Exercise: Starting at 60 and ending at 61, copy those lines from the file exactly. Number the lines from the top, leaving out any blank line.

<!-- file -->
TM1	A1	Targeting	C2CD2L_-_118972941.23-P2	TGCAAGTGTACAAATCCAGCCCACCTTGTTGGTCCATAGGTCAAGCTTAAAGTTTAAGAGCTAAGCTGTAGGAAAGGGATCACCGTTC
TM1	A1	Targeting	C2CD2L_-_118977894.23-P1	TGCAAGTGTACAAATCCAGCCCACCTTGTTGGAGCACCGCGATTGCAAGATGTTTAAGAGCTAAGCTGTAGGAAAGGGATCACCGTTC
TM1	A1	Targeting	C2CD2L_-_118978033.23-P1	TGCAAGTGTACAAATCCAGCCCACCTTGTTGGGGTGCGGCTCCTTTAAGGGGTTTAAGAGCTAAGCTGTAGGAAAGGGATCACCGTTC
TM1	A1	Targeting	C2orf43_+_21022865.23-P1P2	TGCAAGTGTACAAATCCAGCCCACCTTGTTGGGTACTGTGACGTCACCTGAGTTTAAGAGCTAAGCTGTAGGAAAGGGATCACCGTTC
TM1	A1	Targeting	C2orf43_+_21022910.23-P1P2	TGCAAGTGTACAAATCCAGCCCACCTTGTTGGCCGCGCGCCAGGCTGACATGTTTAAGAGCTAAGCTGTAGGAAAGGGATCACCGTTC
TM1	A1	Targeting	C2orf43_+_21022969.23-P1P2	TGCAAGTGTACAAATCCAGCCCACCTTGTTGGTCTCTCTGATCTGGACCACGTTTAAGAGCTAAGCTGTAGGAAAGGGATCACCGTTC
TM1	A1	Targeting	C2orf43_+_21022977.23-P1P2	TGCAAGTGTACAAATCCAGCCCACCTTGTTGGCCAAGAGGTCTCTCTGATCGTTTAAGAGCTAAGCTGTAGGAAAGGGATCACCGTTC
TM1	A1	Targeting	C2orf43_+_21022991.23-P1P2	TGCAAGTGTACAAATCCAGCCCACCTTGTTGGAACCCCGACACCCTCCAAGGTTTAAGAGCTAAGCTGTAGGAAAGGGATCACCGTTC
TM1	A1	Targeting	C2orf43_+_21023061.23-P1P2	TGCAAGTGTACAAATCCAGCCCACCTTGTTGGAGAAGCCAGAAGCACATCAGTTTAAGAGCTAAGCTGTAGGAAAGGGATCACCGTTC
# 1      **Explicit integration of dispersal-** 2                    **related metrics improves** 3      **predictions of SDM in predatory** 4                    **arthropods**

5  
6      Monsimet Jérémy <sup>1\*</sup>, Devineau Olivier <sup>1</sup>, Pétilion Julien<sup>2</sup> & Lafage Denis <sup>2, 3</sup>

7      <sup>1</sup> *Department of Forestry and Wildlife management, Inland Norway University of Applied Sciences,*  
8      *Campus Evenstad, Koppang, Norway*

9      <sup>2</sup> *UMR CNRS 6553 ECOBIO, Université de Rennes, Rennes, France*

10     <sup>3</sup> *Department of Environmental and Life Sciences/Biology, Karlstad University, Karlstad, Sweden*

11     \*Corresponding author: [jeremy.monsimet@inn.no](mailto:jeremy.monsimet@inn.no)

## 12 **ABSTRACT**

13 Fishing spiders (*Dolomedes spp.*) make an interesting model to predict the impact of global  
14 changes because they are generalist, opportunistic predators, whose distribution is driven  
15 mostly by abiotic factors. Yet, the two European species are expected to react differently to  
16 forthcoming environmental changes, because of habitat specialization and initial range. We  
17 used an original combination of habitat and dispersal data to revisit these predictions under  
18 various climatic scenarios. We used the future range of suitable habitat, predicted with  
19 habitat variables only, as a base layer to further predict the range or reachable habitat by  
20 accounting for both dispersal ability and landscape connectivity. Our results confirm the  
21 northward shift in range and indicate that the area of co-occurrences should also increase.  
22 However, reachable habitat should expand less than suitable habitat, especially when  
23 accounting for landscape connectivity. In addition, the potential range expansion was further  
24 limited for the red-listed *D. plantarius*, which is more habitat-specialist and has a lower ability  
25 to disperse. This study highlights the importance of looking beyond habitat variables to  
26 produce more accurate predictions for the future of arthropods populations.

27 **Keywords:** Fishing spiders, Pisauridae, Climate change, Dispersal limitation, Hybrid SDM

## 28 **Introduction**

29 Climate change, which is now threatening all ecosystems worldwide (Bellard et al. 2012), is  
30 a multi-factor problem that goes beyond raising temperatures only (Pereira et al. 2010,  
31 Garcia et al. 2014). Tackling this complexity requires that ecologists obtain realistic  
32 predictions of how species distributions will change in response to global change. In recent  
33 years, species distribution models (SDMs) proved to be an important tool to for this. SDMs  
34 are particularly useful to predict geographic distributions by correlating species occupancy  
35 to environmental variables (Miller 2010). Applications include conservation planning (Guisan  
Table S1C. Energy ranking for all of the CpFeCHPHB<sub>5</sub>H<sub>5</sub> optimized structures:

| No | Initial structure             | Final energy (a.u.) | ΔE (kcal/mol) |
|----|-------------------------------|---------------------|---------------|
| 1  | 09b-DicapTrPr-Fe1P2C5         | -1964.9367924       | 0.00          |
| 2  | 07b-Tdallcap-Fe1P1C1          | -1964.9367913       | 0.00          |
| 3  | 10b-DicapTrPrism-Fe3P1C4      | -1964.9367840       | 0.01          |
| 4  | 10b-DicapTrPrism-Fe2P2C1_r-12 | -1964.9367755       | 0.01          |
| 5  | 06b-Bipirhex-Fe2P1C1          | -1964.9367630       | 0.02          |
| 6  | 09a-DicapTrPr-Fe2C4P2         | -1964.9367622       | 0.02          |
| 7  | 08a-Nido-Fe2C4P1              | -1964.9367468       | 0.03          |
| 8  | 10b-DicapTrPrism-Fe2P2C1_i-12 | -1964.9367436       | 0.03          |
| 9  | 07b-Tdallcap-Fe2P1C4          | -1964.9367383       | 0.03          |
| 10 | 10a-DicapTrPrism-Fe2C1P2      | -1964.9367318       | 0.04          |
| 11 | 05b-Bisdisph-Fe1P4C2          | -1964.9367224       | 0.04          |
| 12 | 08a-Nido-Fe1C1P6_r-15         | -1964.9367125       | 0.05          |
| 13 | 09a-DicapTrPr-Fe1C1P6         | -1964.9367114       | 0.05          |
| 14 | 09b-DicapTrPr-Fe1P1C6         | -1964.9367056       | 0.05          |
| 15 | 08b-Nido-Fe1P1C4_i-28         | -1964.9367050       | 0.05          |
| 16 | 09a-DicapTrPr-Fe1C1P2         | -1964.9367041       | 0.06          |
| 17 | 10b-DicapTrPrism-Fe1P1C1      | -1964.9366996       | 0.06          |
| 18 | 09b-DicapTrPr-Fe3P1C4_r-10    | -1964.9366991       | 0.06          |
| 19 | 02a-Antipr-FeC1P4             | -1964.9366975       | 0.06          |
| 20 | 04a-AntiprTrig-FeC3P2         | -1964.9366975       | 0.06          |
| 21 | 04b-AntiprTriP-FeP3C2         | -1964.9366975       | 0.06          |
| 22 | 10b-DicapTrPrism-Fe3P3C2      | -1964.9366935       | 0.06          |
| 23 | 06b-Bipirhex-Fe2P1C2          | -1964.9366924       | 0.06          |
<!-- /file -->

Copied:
| 16 | 09a-DicapTrPr-Fe1C1P2         | -1964.9367041       | 0.06          |
| 17 | 10b-DicapTrPrism-Fe1P1C1      | -1964.9366996       | 0.06          |